Galloway and several other residents filed a lawsuit complaining that his freedom of religious expression was violated by his town, Greece in New York, because the town board regularly began its meetings with a Christian-faith based prayer. The Court ruled in favor of the town holding that town boards may start their meetings with sectarian prayers, and do not have to make undue efforts to represent all the faiths. The Court held that the First Amendment was not violated. This Court’s ruling is similar to the 1983 holding that Nebraska Legislature's practice of starting its sessions with a prayer, saying the practice was "deeply embedded in the history and tradition of this country."
On Death Penalty, Hall v. Florida
In reviewing Hall’s lawsuit against the State of Florida on his complaints about the death penalty, the Court rejected Florida's I.Q. cutoff as too rigid to decide which mentally disabled people must be spared the death penalty. This holding was a follow-up to Court’s 2002 holding that banned the execution of the mentally disabled but left the determination largely to the states.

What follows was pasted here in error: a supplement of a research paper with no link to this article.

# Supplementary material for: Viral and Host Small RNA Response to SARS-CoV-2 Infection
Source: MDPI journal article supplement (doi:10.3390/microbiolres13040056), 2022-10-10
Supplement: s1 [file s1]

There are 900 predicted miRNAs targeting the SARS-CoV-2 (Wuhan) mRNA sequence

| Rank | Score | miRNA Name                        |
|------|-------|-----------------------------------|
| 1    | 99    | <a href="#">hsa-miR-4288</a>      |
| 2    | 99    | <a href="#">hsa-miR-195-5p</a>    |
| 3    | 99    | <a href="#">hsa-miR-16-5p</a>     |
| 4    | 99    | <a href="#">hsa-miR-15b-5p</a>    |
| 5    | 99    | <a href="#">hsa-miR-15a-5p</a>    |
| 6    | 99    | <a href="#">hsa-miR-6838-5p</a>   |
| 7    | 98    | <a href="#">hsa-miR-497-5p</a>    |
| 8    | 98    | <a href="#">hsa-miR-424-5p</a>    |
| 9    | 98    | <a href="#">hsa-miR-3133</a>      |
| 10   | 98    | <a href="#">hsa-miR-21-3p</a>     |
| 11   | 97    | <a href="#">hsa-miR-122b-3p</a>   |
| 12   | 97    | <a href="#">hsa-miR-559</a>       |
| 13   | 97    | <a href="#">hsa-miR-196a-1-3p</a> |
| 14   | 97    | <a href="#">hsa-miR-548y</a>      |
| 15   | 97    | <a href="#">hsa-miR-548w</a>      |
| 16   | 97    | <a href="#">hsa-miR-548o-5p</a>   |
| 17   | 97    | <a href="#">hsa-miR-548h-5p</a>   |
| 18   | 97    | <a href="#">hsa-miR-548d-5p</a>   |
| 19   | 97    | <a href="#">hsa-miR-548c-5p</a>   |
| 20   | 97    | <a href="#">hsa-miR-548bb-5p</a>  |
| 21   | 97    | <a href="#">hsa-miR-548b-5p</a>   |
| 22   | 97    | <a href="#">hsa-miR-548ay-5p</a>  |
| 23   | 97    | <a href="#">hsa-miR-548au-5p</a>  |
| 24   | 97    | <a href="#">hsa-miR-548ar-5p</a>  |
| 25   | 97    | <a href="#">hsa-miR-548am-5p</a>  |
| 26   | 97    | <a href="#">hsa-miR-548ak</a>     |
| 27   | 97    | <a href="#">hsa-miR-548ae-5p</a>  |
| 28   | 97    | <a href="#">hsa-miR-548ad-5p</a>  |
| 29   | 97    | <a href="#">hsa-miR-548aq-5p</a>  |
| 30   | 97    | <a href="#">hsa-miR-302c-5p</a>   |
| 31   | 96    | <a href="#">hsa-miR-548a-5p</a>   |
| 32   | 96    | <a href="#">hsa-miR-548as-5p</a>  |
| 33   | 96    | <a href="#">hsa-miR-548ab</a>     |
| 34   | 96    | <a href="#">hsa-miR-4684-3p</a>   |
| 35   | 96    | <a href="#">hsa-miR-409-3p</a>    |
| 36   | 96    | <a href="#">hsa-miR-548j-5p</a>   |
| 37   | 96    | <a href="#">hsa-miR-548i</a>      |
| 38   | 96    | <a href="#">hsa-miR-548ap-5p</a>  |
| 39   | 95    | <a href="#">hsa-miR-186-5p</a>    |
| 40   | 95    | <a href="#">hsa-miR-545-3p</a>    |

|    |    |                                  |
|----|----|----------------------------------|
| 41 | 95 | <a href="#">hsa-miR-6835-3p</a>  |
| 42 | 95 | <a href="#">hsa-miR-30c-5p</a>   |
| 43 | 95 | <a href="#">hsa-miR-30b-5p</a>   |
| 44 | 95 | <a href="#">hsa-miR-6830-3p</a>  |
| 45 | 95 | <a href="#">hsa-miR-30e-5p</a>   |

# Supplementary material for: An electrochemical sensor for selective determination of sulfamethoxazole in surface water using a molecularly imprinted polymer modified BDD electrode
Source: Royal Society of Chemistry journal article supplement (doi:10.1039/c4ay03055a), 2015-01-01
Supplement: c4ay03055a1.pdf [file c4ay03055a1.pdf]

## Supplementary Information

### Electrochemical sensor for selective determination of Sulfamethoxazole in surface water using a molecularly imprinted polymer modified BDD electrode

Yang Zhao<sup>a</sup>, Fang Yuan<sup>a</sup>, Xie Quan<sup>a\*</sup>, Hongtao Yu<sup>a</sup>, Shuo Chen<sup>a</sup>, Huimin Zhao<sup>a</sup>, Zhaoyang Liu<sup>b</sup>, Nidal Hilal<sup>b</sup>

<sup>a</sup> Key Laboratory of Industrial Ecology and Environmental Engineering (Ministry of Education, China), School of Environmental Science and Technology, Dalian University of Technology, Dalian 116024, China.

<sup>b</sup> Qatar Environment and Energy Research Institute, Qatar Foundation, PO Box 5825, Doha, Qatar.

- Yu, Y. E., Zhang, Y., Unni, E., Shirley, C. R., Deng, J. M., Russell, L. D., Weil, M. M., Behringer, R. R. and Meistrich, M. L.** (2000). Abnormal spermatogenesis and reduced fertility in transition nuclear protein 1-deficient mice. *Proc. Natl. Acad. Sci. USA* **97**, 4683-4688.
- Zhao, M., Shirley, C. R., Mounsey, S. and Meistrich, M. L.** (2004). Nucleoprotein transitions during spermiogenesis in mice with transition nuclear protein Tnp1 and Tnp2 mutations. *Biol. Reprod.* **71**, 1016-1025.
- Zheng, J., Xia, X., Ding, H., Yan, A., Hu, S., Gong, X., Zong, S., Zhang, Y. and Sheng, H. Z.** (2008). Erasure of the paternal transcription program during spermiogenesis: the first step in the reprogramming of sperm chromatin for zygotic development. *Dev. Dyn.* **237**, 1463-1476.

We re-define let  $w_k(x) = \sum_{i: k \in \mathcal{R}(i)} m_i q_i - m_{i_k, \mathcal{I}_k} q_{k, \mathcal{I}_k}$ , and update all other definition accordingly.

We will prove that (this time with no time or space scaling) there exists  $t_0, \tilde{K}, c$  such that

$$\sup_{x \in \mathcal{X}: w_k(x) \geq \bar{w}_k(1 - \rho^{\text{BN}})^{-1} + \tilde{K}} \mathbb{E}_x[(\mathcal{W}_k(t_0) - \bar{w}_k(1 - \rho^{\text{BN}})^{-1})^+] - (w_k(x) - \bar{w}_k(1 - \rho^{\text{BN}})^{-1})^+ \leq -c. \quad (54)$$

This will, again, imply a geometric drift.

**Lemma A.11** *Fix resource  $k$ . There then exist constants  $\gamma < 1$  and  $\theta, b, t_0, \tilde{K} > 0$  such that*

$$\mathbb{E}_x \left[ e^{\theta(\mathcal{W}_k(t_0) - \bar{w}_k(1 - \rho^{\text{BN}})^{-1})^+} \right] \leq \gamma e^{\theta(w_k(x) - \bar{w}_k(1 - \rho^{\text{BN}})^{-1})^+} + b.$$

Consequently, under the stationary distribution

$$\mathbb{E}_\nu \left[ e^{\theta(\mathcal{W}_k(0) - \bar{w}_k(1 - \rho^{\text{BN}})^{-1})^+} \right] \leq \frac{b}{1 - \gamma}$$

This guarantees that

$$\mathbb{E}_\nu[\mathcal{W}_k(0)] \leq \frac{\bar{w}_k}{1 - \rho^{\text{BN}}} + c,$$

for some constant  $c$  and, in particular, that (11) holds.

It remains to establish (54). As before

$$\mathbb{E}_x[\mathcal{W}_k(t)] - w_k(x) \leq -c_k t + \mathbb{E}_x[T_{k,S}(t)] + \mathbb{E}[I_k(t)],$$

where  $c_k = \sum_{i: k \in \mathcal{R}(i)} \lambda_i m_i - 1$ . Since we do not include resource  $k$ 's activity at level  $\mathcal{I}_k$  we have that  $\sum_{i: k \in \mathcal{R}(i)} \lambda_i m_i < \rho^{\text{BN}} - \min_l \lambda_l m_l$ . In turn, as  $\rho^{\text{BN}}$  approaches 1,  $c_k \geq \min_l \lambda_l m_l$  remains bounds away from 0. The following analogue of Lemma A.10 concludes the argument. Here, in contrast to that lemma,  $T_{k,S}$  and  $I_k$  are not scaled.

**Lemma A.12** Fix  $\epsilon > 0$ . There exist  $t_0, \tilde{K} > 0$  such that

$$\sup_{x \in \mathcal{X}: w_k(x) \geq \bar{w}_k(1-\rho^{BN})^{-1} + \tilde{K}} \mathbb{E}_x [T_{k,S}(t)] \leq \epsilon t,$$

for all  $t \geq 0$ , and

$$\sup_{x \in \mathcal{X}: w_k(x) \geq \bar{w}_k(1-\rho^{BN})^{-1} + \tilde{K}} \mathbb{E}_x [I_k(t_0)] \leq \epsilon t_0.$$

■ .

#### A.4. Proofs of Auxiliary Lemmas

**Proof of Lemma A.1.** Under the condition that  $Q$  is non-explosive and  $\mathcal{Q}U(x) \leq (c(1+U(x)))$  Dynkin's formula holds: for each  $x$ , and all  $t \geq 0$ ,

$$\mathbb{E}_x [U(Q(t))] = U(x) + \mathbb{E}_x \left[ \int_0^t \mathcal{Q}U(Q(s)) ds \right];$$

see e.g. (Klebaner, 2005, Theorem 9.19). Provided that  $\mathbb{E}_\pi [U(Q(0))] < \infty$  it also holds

On Abortion Protests, McCullen v. Coakley
Ruling in favor of McCullen who filed a lawsuit against the State of Massachusetts (which was defended by the attorney-general, Martha Coakley, the Court held that the size of the buffer zones around abortion clinics in Massachusetts violated the First Amendment because they was too large and there was no evidence of any violence on the part of the protesters. This holding is a sharp departure from its 2000 ruling when it held that similar buffer zones in Colorado were legal. Obviously, the Court is not sympathetic to prevention of protests at abortion clinics.
Overall, the Court appears to have demonstrated a modest conservative leaning in ruling on social issues and the outcomes were fairly predictable.